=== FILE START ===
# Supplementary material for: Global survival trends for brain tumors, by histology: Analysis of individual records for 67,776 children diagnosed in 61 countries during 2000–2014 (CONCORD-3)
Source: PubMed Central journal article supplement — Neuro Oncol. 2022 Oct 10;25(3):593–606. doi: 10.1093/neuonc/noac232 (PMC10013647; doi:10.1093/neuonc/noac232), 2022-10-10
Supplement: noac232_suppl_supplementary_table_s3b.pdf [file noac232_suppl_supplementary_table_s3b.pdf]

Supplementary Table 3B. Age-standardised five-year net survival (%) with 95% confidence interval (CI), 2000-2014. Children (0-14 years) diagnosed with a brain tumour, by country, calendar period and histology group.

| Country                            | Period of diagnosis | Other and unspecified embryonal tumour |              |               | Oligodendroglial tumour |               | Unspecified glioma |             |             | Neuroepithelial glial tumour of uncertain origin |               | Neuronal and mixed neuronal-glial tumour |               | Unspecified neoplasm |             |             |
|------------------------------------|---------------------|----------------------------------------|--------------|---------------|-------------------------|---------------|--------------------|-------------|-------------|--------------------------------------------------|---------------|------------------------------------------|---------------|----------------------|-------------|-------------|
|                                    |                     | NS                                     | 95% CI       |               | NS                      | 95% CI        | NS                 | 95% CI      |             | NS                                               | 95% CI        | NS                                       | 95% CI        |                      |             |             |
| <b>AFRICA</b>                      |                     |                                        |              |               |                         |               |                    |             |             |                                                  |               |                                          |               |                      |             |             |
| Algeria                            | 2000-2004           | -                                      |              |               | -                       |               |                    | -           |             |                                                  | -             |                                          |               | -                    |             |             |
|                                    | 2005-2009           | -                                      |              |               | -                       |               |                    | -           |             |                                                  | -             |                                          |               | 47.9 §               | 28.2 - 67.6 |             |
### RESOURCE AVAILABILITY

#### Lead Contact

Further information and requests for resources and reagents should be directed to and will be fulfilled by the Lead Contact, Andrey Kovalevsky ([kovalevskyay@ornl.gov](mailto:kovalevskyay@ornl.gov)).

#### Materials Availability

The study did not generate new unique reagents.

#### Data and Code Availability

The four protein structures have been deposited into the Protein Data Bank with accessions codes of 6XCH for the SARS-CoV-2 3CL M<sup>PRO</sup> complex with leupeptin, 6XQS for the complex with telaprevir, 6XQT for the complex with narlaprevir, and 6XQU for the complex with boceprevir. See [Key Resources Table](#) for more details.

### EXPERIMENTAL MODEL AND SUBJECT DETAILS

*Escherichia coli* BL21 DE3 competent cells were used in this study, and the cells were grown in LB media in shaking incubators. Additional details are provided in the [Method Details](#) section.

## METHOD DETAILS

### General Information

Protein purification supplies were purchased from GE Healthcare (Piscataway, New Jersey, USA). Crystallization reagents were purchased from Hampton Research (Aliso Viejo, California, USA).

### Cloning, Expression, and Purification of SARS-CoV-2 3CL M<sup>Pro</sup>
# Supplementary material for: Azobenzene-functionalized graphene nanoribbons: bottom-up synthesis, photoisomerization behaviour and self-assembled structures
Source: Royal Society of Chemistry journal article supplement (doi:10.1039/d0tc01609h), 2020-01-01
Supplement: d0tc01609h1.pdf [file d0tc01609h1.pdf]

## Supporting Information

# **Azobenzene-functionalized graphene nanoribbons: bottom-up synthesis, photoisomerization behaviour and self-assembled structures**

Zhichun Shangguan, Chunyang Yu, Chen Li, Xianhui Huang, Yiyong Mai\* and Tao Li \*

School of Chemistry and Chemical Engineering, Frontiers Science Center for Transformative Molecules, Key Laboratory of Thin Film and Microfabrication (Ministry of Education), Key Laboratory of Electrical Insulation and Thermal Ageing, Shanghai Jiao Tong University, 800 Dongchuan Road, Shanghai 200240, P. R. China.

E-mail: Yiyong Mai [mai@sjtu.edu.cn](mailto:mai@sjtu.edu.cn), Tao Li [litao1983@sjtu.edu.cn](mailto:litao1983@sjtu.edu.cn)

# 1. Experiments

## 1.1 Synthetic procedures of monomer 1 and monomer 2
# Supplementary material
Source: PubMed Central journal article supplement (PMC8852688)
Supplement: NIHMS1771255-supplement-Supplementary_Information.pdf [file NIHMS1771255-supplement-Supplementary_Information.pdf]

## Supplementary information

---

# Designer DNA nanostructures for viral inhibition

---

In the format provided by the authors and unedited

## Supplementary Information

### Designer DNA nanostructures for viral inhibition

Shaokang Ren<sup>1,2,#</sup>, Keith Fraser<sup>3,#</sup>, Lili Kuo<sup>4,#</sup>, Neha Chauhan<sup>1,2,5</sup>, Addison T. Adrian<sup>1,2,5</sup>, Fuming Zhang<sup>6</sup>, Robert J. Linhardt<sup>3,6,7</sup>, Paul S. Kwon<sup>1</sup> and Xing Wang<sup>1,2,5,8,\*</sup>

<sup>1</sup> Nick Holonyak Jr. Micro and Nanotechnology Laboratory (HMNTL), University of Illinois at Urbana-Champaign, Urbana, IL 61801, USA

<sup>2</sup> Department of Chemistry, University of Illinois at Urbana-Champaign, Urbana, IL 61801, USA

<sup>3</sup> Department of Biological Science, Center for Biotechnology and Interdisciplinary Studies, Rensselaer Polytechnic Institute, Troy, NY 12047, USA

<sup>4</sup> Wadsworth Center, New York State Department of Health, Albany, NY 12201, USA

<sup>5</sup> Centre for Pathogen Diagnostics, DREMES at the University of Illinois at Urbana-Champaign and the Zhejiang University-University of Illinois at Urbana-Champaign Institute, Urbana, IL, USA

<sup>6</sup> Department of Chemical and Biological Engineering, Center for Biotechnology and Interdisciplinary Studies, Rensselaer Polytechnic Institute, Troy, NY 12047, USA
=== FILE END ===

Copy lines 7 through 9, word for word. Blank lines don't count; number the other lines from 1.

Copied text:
|                                    |                     | NS                                     | 95% CI       |               | NS                      | 95% CI        | NS                 | 95% CI      |             | NS                                               | 95% CI        | NS                                       | 95% CI        |                      |             |             |
| <b>AFRICA</b>                      |                     |                                        |              |               |                         |               |                    |             |             |                                                  |               |                                          |               |                      |             |             |
| Algeria                            | 2000-2004           | -                                      |              |               | -                       |               |                    | -           |             |                                                  | -             |                                          |               | -                    |             |             |